BREAST cancer patients and survivors tend to suffer from a condition called “cancer fog” – and now a University of Southern Queensland study might have uncovered the reason why.
The first-of-its-kind study, published in the journal “The Breast” suggests reduced cerebrovascular function, which refers to blood flow in the brain, could explain why breast cancer survivors experience changes to the way they think, concentrate and remember information – and may also help devise new treatments for cognitive impairments.
Also referred to as “chemo brain” or “brain fog”, cancer fog is a common and deliberating condition that reduces cognitive function in cancer patients, believed to be due to chemotherapy.
Led by biomedical scientist Tahnee Downs, the Blush Cancer Care-supported study compared the cerebrovascular function and cognition of 15 breast cancer survivors and 15 cancer-free women of the same age and body mass index.
The researchers say measuring cerebrovascular function and cognition together was important as they are interrelated.
Participants completed several cognitive tests, while the researchers used a special ultrasound technique called transcranial Doppler ultrasound to measure the brain’s blood vessels’ response to physical stimuli and psychological stimulus.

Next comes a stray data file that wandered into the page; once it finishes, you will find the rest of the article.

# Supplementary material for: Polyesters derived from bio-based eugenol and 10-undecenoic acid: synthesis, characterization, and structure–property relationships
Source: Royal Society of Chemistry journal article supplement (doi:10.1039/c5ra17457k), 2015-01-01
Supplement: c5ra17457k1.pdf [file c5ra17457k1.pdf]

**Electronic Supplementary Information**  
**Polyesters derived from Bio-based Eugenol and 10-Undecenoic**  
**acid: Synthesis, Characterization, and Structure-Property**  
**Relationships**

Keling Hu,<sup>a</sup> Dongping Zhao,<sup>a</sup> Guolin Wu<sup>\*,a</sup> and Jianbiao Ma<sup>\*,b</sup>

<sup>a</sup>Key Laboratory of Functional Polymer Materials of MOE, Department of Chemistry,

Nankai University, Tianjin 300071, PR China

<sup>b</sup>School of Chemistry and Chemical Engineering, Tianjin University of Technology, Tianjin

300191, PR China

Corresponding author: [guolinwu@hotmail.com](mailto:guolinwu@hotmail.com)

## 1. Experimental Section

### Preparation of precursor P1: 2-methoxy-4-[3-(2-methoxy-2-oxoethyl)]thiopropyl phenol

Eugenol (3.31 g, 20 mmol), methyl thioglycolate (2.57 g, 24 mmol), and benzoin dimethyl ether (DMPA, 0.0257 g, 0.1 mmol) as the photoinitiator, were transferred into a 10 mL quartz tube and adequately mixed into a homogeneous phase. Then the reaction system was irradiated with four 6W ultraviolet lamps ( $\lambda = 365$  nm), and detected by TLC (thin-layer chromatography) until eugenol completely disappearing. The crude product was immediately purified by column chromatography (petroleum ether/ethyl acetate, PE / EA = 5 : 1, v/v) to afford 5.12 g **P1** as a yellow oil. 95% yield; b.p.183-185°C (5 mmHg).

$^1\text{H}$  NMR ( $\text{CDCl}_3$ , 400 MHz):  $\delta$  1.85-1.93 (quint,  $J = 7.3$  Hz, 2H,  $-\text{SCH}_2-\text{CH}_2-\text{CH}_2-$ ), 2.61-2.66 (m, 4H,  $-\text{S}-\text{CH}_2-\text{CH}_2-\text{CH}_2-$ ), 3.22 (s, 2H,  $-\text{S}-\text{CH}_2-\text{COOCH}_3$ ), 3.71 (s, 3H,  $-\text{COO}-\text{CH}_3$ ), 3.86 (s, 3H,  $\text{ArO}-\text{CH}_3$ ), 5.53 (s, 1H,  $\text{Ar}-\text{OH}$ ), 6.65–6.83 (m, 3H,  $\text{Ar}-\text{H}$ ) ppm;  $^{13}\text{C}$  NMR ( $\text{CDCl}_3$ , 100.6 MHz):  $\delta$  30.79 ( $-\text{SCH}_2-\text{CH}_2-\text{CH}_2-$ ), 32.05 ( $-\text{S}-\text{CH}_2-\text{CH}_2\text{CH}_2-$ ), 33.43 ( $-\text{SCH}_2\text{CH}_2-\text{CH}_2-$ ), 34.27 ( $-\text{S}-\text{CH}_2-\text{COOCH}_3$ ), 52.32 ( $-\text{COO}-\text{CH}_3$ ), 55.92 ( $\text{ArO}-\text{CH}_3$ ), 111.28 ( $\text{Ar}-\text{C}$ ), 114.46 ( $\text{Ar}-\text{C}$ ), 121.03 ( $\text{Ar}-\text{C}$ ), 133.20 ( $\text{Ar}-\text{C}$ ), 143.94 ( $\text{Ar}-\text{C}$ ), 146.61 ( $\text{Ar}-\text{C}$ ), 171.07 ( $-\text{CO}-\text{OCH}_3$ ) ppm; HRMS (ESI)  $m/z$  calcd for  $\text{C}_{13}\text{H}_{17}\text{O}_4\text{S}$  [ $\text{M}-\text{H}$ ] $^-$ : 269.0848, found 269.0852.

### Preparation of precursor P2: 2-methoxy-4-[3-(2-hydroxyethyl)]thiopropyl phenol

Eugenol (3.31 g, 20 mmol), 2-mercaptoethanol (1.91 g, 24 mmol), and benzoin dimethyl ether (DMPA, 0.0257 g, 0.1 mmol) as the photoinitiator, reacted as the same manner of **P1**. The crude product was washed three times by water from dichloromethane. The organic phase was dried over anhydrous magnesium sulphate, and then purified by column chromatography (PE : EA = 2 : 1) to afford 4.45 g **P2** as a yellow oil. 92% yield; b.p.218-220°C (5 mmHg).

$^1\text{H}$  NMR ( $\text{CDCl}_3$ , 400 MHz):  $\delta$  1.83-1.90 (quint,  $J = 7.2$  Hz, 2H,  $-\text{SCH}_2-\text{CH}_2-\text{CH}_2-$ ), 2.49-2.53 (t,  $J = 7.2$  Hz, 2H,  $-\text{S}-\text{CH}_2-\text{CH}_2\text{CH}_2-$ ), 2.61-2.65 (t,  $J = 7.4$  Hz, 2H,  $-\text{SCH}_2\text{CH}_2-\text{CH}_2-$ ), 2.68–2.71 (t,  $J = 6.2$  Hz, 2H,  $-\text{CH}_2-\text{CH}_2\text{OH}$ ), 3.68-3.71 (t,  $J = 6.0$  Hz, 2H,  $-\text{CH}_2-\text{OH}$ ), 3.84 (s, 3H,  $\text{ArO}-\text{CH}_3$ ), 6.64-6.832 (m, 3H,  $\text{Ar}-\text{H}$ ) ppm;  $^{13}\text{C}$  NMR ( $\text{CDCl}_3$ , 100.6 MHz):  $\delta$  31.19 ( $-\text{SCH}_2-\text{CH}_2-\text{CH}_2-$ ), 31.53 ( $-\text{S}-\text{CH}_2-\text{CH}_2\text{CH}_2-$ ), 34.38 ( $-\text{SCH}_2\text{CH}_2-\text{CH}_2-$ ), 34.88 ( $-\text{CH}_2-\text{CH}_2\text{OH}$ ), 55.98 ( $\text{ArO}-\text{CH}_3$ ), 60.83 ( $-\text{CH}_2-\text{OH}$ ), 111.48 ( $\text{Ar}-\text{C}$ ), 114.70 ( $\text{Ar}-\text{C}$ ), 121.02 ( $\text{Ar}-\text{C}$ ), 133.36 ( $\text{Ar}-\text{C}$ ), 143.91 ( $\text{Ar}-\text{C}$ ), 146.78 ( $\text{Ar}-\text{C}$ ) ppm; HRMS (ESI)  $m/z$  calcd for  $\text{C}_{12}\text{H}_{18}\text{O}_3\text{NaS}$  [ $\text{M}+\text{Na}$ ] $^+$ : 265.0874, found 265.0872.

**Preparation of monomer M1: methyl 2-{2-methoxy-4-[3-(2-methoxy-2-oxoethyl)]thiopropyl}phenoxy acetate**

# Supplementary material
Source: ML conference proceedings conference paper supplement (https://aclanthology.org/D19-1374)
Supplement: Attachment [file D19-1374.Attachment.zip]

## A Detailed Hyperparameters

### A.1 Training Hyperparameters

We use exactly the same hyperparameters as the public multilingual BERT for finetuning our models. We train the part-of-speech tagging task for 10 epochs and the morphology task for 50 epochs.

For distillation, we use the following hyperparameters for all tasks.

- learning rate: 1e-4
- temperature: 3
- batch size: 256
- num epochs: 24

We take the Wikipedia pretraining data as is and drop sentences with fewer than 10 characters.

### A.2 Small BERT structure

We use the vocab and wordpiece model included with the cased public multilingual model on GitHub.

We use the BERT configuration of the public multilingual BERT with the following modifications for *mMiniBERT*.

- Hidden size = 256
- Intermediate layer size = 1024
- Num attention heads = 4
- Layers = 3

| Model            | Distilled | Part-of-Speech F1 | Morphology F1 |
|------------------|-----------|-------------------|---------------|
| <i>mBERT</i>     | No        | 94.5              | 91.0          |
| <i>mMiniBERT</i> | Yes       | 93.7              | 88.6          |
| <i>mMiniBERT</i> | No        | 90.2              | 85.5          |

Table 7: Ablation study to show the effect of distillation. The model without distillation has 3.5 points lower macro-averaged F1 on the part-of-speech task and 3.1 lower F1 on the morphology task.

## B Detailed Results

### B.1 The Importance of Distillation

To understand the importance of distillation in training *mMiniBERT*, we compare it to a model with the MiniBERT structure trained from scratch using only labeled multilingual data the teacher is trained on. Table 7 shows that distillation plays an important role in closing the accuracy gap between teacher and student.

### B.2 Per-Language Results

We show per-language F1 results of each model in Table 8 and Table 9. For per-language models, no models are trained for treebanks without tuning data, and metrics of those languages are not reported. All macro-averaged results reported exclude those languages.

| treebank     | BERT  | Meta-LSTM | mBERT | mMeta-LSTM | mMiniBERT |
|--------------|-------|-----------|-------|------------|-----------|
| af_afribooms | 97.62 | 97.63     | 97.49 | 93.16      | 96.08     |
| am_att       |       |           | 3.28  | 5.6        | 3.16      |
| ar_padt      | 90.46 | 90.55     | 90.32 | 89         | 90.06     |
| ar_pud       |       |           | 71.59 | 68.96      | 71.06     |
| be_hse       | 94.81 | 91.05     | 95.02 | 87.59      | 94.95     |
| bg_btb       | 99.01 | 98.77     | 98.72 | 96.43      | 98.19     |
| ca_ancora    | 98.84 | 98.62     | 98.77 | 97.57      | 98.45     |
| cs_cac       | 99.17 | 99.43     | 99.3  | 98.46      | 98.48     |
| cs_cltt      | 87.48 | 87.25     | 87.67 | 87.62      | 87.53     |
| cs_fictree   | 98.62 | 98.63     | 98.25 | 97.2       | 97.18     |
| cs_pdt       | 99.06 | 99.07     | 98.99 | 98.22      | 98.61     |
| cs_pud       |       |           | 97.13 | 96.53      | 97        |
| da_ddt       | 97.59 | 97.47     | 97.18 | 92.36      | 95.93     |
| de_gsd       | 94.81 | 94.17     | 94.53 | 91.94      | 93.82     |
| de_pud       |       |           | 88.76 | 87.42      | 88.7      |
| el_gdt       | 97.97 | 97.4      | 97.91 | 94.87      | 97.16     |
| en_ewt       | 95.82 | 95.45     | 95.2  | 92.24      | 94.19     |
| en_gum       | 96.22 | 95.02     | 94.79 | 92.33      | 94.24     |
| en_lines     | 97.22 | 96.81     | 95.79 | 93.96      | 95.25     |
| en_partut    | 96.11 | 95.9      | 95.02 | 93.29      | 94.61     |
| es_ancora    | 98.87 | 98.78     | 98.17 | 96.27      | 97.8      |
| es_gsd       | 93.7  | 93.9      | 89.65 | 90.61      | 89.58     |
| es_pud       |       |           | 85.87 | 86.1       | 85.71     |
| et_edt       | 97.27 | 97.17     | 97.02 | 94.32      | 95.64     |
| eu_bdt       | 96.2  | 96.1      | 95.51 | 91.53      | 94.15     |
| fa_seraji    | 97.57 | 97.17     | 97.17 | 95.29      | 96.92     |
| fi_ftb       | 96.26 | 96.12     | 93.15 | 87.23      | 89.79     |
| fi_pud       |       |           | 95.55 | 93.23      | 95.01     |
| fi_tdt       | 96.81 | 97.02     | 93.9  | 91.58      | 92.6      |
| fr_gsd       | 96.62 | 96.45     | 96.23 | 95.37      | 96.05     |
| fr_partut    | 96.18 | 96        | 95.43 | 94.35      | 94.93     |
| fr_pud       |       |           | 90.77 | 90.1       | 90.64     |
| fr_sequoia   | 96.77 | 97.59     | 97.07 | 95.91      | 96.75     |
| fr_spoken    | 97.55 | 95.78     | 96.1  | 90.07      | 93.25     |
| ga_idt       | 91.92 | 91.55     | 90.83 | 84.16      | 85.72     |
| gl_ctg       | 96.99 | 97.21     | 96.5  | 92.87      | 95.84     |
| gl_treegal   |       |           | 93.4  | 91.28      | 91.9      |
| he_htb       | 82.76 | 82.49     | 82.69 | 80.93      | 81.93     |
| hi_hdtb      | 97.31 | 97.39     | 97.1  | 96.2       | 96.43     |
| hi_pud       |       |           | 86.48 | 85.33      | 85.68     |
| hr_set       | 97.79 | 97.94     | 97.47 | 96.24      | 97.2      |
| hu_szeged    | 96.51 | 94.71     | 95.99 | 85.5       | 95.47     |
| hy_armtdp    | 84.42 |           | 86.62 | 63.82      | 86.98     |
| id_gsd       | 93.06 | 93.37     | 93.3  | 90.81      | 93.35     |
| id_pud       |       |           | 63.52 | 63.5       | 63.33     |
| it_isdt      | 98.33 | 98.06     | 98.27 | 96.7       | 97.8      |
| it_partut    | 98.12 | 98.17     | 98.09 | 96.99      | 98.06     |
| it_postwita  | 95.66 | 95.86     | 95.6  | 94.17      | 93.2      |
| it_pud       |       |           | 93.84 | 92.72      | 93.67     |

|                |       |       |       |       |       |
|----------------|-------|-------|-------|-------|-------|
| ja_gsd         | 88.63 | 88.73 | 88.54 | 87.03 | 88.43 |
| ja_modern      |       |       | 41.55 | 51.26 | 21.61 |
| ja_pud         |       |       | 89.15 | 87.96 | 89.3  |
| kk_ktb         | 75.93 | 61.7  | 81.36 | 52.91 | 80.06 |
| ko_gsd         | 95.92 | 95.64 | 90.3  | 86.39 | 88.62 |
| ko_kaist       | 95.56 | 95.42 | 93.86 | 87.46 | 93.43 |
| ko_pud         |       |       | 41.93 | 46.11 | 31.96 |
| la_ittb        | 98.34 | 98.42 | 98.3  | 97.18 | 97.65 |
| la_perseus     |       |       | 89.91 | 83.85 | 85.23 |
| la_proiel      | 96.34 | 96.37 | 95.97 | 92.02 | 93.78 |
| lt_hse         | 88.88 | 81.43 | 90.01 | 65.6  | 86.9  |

The results showed that compared to breast cancer-free women, the overall cognitive function of women with breast cancer was 13 per cent lower.
“We’ve known for some time that cognitive impairment, which includes memory loss, attention and processing information, is one of the most common complaints associated with breast cancer and treatments,” Miss Downs said.
“However, studies to date have yet to determine the mechanisms underlying this decline in cognition.
“Our study was significant because it was the first to show that cerebrovascular function and total cognition were lower in breast cancer survivors compared to women without cancer of the same age.
“This indicates that the decline in total cognitive function may be associated with reduced brain blood vessel function”
While more research is required to gain a more conclusive understanding of cancer fog, it seems exercise could help women with breast cancer avoid or manage some of these issues. The study discovered that on average breast cancer survivors reported lower levels of physical activity and higher levels of fatigue – a common side effect of breast cancer treatment.
“Our results suggest that survivors are more fatigued and, as a result, may be reluctant to participate in regular physical activity or exercise, which could further increase this fatigue,” he said.
“My previous research has shown that exercise can significantly improve brain health in older adults with metabolic syndrome and reduce the risk of cognition decline. “Cognition is one of the most demanding functions of the brain.”